“This class is extending essential dialogue...conversation that I believe is already making our community a better place."
On the night after the 2016 presidential election, fifty students and alumni gathered in the Samuel E. Kelly Ethnic Cultural Center Theater. The mood was funereal as everyone took their seats and waited for Professor of Communication Ralina Joseph to get them started. For the past month, the group had been meeting weekly for intergenerational dialogue around issues of race as part of a ten-week course called Interrupting Privilege. Though those in attendance had signed up for challenging conversations meant to push them out of their comfort zones, that night felt particularly charged with anxiety, fear, shock, grief, and anger. Shock at how high the tide of hate had grown, anger at that shock, fear of what was to come, anxiety over how to respond. Joseph could feel it all as soon as she walked in the room.
Rather than extinguish that charge—or let it run wild—she harnessed it. After all, Joseph had developed Interrupting Privilege for the purpose of helping people learn how to productively listen to and converse about these exact issues outside of their race and age bubbles. Both a class and a philosophy, Interrupting Privilege is an intergenerational, skills-building, anti-racism space of dialogue and critique that argues that everyday people can work together across generations and race to combat racism with the support of youth leadership, commitment to critique-in-action, spaces to share and hear racial hurt, and careful training modules. For the next two hours, Joseph modeled how to critique with love and how to engage in radical listening, fostering a space where people felt safe to acknowledge what they didn’t know, ask questions, and make mistakes, while the most vulnerable voices were centered and lifted up.
For students like Embeba Hagos, the interracial and intergenerational space Joseph cultivated was a revelation. “I felt as though institutions like UW didn't care about racial equity. But when I started seeing people in my Interrupting Privilege class share their own experiences and be emotional in front of so many people, it was inspiring, because it gave me hope and courage to be that vulnerable, to be comfortable with my own experiences outside of my friends and family, especially at UW.”
Alumni like Salley Anderson also describe Interrupting Privilege as “life-changing.” “It was the right thing at the right time,” Anderson says. “It literally changed how I walk through the world, changed what I see, and cracked me wide open to view the world in a different way.”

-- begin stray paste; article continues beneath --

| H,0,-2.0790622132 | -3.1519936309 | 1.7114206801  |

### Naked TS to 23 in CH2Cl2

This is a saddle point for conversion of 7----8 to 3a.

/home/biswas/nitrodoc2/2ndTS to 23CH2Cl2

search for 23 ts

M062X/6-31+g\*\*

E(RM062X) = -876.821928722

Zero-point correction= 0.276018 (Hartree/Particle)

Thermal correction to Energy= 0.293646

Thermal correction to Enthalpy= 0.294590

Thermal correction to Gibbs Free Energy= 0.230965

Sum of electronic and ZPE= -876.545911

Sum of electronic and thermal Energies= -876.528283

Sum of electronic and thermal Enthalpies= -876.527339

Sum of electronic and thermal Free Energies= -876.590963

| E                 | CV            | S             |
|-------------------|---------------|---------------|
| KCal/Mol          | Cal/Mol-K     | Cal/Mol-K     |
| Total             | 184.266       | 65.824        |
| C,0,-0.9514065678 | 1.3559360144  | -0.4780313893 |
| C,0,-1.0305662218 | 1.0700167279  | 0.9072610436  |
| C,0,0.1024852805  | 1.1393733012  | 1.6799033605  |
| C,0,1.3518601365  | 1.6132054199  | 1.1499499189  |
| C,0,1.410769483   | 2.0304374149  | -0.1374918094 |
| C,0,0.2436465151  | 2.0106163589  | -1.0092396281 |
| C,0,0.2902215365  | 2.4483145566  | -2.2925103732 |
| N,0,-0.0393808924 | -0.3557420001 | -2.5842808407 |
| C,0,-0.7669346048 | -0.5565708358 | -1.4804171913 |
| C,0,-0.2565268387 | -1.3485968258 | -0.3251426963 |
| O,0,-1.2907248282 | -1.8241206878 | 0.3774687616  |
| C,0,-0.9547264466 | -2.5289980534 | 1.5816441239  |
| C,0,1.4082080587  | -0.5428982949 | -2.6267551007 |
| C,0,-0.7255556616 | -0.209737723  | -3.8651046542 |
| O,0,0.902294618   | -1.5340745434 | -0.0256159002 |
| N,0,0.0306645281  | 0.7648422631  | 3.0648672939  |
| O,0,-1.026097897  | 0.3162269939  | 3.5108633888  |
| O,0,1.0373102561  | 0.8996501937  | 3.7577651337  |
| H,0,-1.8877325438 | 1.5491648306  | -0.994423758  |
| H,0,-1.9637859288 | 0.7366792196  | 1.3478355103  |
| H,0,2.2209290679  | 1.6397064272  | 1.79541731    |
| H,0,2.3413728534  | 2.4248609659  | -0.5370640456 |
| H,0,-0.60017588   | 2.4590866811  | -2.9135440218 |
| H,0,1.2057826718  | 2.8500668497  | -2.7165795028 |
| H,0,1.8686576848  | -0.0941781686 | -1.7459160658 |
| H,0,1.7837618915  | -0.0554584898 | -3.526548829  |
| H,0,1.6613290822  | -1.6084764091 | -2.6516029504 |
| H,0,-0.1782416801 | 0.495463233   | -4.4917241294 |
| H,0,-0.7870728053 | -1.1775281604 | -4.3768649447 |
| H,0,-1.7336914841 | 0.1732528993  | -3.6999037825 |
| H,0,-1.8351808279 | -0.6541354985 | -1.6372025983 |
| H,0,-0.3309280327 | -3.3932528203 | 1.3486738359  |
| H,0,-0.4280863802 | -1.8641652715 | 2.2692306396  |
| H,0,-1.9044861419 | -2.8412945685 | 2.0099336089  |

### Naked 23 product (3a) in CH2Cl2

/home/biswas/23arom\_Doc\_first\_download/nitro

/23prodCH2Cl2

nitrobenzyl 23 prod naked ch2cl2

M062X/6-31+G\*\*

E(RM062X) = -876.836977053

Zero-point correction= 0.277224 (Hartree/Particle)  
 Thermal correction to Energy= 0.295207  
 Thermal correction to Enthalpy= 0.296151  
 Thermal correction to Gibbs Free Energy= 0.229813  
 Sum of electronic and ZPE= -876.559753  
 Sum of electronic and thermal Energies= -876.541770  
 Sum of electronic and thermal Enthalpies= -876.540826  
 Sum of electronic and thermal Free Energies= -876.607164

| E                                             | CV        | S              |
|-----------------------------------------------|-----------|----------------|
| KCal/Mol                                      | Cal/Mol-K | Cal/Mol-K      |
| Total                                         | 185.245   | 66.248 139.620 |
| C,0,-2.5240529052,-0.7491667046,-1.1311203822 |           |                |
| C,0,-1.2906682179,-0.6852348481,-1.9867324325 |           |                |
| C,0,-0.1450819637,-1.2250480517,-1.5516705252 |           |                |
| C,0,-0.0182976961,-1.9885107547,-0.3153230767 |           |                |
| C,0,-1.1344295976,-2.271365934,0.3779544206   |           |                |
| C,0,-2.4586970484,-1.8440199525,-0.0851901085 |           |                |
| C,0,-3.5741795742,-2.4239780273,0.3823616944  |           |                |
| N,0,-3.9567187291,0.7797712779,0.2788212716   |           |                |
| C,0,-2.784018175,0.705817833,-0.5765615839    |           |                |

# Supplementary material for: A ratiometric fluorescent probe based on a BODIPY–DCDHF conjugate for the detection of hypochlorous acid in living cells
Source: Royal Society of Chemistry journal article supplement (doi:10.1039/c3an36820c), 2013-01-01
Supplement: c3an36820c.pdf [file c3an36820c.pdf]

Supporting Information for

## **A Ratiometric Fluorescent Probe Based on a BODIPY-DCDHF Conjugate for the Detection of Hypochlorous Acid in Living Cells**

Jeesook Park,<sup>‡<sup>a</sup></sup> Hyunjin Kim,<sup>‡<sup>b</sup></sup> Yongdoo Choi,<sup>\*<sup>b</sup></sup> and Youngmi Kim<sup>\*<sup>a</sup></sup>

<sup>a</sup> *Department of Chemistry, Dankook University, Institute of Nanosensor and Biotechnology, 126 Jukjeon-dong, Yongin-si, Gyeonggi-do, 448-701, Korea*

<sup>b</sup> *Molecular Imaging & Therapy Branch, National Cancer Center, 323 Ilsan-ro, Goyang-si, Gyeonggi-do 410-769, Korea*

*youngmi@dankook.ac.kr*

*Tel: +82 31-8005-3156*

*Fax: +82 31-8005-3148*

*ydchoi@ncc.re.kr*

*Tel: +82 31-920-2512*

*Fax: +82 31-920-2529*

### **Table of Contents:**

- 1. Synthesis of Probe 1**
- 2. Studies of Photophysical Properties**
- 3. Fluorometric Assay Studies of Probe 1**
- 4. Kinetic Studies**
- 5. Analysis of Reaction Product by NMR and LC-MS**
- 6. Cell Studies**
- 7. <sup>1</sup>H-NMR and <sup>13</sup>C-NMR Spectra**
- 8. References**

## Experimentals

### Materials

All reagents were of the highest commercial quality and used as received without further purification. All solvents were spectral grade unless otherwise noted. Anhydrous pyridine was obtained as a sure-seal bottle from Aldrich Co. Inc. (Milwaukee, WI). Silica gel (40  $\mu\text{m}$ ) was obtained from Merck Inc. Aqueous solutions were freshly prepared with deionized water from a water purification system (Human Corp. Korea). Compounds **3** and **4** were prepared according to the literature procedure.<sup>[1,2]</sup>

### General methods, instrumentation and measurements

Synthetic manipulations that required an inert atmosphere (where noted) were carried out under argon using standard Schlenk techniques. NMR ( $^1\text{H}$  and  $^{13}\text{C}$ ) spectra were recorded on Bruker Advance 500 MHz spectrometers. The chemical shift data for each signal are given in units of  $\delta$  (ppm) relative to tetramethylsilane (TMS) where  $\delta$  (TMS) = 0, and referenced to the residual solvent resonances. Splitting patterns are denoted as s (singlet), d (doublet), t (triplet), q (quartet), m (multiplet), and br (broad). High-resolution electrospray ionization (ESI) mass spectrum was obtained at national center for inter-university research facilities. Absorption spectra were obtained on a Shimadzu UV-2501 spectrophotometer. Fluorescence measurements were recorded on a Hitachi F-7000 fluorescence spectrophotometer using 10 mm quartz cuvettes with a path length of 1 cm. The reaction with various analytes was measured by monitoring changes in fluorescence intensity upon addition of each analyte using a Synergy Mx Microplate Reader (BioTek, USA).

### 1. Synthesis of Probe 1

For both Hagos and Anderson, the success of Interrupting Privilege, which is now in its third year, is due to Joseph. From students and facilitators to alumni and administrators, everyone involved with Interrupting Privilege says that Joseph’s profound ability to facilitate and model thoughtful, nuanced, and open conversations on difficult topics like race and privilege has been a godsend in a time of social media silos and increasingly polarized politics.
It is also for this work that Joseph was recently awarded an inaugural Mellon/ACLS Scholars & Society fellowship. The Scholars & Society fellowship offers faculty a stipend of $75,000 plus $6,000 for research and project costs for programming that promotes the public value of humanities scholarship. The funds will allow Joseph to write both scholarly and popular works based on what she has learned as a race scholar and facilitator, as well as support the program’s move from the UW campus to Seattle’s Black community hub, the Northwest African American Museum (NAAM), where the class will also include the voices and perspectives of local high school students of color.
“It is a natural partnership for us and the work that we do and mission we strive for,” says NAAM director LaNesha DeBardelaben. “We are so much more than a museum, we are a gathering space, and [Interrupting Privilege] fits with our identity as a place for transformation, education, and liberation.”
“Don’t put me on the stage. Let’s do something different.”
Interrupting Privilege first began in the spring of 2016, when the UW Alumni Association (UWAA) leadership team approached Joseph. That January, Joseph gave a public lecture titled “What’s the Difference with ‘Difference?” as part of the Graduate School’s Equity and Difference Series. Her lecture, which examined—and effectively advocated for—the cultural shift away from terms like “tolerance,” “multiculturalism,” and “diversity,” to words like “difference” and “equity,” had been well attended by alumni, who craved to learn more.